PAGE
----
4. Yes, I use the bus to travel around Lakeside. I have traveled from Chapala to Jocotopec, and go in to Guadalajara and back by bus from Chapala. You ask for a lot of info at once. There is no one bus that does it all, all the time. There is no published schedule that I know about. Some run +/- on the hour or half hour. You learn to budget plenty of time. During school pickup hours, around 12:00-1PM and about 4-5PM, the schedules can become erratic as they are often rerouted to schools for pickuos and won't stop for you.Sometimes they are so crowded you literally cannot get on or fit in. You can get a bus that goes from Guadalajara's old bus station to Joco. It will be a looong ride, and you will see parts of the area you would not see otherwise. These busses are usually crowded and make a lot of stops. From Guadalara (GDL) I prefer to take the 1st class Directo bus. It goes to the Chapala bus station with only a few stops. From the Chapala bus station, you can find a bus going to other locales. I qualify for a senior discount, but do not use it. There are only x number of seats designated for INAPAM users, and if I take a seat that someone in need should have had, I would feel bad. I can afford 58 pesos to get to GDL. I think, with the discount, it's about 30 pesos. The local bus has 2 types. Literally one is smaller than the other. The bigger, long distance bus cannot navigate the smaller streets in the communities. The bigger, air conditioned one with plush seats that is headed to Joco costs me about 8/10 pesos to go from Chapala to my house in San Antonio. The little bus with hard plastic seats and no AC costs 7-10 pesos and wanders in and out of San Antonio, Ajijic and on through to San Juan Cosala and eventually to Joco. The fare depends on the distance. The little bus sometimes goes through the town, sometimes not. Best to ask. Sometimes there is construction or a fiesta. There are stops, often with benches or some type of overhanging shelters. None that I know of are marked. The bus Lakeside is nothing like the bus system in large cities in Europe or Asia. I can't speak to the bus system in the USA or Canada, as I have never ridden a bus there. I have been here 8 years+ and have yet to master the bus system in GDL. I have often looked at the placard posted inside the window and also asked the driver if a place I wanted to go was on the route. It definitely helps to be able to speak to/understand the driver. I would not have any worries about getting lost Lakeside. Traveling on a bus within GDL if you do not speak Spanish is another matter. Hope this helps.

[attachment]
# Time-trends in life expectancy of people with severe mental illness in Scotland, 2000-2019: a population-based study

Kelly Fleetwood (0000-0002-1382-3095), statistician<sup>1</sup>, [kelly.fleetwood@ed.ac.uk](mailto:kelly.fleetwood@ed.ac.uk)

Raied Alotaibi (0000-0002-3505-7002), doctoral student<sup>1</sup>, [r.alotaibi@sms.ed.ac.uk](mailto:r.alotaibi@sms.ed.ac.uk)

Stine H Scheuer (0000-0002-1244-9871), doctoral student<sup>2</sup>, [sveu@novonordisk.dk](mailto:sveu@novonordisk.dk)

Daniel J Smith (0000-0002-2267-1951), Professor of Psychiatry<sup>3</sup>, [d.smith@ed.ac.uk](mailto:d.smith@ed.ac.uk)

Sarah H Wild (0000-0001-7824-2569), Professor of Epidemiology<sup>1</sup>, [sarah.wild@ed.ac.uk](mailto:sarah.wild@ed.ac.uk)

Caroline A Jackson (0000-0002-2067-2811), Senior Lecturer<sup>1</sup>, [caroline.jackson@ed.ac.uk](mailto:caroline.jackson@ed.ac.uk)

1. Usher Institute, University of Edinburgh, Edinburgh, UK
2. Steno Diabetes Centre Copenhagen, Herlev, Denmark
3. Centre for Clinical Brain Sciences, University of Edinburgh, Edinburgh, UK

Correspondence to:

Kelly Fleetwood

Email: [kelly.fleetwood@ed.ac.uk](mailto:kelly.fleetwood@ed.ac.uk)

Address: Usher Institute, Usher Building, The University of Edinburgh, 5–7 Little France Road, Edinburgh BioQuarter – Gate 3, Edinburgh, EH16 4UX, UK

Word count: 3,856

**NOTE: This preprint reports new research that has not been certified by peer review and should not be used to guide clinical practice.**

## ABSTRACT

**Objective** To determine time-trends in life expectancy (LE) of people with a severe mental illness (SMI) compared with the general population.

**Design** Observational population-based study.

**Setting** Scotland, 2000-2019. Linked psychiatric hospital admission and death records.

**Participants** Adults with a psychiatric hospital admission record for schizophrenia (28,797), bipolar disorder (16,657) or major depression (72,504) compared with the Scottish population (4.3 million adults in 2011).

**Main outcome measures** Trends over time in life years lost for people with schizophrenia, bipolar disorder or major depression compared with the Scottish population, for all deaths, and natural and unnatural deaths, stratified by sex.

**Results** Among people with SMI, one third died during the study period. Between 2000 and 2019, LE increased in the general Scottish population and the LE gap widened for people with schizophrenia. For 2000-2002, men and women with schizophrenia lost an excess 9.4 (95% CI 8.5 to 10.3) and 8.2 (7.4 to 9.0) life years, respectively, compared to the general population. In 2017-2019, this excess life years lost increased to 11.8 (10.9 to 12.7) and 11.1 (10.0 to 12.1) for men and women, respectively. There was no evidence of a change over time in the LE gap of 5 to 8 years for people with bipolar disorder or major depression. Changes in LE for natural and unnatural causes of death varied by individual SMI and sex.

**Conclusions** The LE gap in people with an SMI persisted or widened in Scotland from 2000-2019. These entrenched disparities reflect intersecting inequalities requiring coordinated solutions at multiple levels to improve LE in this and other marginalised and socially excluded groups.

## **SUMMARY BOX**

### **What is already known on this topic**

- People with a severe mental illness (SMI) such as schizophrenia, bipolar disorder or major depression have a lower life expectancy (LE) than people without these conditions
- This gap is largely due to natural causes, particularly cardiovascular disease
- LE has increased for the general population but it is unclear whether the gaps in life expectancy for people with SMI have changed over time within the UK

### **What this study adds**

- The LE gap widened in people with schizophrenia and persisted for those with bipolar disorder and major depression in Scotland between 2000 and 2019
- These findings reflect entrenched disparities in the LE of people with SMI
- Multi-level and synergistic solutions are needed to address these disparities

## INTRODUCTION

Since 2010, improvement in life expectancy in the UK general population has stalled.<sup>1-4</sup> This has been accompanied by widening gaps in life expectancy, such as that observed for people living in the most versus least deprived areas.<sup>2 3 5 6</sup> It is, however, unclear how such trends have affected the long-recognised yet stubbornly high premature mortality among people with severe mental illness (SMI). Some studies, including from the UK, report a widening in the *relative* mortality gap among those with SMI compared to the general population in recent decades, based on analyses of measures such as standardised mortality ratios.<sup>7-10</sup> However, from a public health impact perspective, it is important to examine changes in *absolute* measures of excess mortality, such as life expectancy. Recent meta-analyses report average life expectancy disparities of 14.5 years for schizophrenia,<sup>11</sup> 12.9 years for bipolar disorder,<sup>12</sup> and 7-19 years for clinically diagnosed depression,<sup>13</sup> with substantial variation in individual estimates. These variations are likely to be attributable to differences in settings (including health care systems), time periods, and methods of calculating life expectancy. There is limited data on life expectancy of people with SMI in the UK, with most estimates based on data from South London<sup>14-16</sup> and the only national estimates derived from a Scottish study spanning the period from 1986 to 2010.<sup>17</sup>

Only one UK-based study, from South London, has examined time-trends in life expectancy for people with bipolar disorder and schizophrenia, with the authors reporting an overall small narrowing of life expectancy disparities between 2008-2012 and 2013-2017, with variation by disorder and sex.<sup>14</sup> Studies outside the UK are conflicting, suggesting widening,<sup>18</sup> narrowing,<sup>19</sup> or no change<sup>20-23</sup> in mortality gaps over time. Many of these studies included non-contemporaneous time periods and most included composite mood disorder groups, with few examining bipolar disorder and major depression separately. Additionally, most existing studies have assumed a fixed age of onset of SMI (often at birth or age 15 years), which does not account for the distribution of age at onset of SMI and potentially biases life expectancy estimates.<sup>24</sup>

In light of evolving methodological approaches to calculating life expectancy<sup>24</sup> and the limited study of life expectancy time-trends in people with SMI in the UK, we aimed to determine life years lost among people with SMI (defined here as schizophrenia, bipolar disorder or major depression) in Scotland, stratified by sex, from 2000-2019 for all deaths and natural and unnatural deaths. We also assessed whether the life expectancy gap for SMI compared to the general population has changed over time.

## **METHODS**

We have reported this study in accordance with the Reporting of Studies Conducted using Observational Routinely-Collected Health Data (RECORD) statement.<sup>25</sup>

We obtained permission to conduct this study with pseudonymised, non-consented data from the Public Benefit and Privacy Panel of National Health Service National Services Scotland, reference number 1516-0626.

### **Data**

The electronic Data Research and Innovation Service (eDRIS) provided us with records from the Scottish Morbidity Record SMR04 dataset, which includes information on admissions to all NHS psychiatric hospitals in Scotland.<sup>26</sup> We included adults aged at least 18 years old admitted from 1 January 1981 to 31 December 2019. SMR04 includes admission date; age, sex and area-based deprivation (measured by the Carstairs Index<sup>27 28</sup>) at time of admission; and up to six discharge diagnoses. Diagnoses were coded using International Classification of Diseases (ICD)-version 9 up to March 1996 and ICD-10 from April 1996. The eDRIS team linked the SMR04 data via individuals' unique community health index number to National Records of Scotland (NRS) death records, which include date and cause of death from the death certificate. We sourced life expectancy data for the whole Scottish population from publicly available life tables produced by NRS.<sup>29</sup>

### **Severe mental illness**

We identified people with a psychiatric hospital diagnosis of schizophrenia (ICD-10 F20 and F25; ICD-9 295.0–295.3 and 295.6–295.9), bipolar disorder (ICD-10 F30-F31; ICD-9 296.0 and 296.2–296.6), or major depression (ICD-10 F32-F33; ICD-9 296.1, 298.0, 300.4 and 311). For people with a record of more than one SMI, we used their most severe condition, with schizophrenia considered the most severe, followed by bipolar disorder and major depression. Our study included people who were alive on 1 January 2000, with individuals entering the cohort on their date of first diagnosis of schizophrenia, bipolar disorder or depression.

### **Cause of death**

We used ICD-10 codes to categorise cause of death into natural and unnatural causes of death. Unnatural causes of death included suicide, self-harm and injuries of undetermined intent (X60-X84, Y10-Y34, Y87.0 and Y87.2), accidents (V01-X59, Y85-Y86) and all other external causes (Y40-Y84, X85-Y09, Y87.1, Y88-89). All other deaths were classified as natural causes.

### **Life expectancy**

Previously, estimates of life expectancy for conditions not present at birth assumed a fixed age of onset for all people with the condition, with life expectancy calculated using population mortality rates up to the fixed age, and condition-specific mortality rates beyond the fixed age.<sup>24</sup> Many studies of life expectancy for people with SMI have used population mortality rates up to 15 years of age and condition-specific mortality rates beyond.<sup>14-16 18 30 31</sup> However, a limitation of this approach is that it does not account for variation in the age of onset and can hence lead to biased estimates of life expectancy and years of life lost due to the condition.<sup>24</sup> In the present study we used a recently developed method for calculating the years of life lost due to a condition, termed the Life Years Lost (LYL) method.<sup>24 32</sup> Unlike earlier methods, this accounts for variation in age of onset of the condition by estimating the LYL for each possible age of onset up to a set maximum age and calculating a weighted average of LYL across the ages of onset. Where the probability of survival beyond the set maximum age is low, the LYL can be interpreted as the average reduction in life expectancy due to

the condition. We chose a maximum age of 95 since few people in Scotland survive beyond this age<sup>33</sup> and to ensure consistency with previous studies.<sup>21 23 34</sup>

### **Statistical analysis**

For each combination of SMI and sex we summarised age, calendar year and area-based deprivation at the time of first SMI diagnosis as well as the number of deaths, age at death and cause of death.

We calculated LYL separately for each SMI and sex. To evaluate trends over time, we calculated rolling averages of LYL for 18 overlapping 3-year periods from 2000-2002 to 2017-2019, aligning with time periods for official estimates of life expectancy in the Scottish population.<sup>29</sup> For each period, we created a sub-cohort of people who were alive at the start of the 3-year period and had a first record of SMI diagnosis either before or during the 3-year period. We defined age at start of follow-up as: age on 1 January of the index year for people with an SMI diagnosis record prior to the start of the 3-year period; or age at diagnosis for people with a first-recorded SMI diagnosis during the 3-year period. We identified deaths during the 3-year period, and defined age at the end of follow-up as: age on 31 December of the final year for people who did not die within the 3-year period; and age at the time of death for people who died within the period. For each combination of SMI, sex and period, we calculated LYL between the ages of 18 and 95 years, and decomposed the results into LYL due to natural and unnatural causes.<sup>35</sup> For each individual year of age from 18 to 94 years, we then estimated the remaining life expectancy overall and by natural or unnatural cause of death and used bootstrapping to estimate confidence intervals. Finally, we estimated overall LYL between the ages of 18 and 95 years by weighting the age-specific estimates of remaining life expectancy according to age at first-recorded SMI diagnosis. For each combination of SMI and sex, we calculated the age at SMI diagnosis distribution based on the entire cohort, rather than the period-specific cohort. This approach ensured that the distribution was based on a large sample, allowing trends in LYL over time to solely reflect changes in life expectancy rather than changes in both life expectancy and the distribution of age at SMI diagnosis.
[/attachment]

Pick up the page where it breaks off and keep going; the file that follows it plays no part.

5. Bringing items WITH you always is easier, faster, less complicated, and, I daresay, cheaper. I moved here from Asia 2x. First time, I had my employer pay the majority of our household shipping costs. Second time, I had 11 suitcases. Yup. 11. Each was numbered, with a corresponding list of the contents. I had more than I expected because while I was in Asia, the luggage rules changed for Economy. At a maximum of 50 lbs, I had more suitcases than I would have at the previous 70lbs. The Customs fellow at GDL looked at me with huge eyes, checked my inventory, checked my residency card (which had expired while I was away so I came in on a Tourist Visa) and said to me, "I hope you get a green light!!" Nope ! Red !! So, off I went with all my luggage. They pulled 2 at random, saw that the contents matched my list, had a dog sniff everything and off I went. Easy as pie. Had they wanted to search each suitcase, they would have found the contents matched as did all the others. No waiting for my shipment, no shipping to pay, no wondering if Aduana will levy extra fees, and it all arrived home at the same time as I did.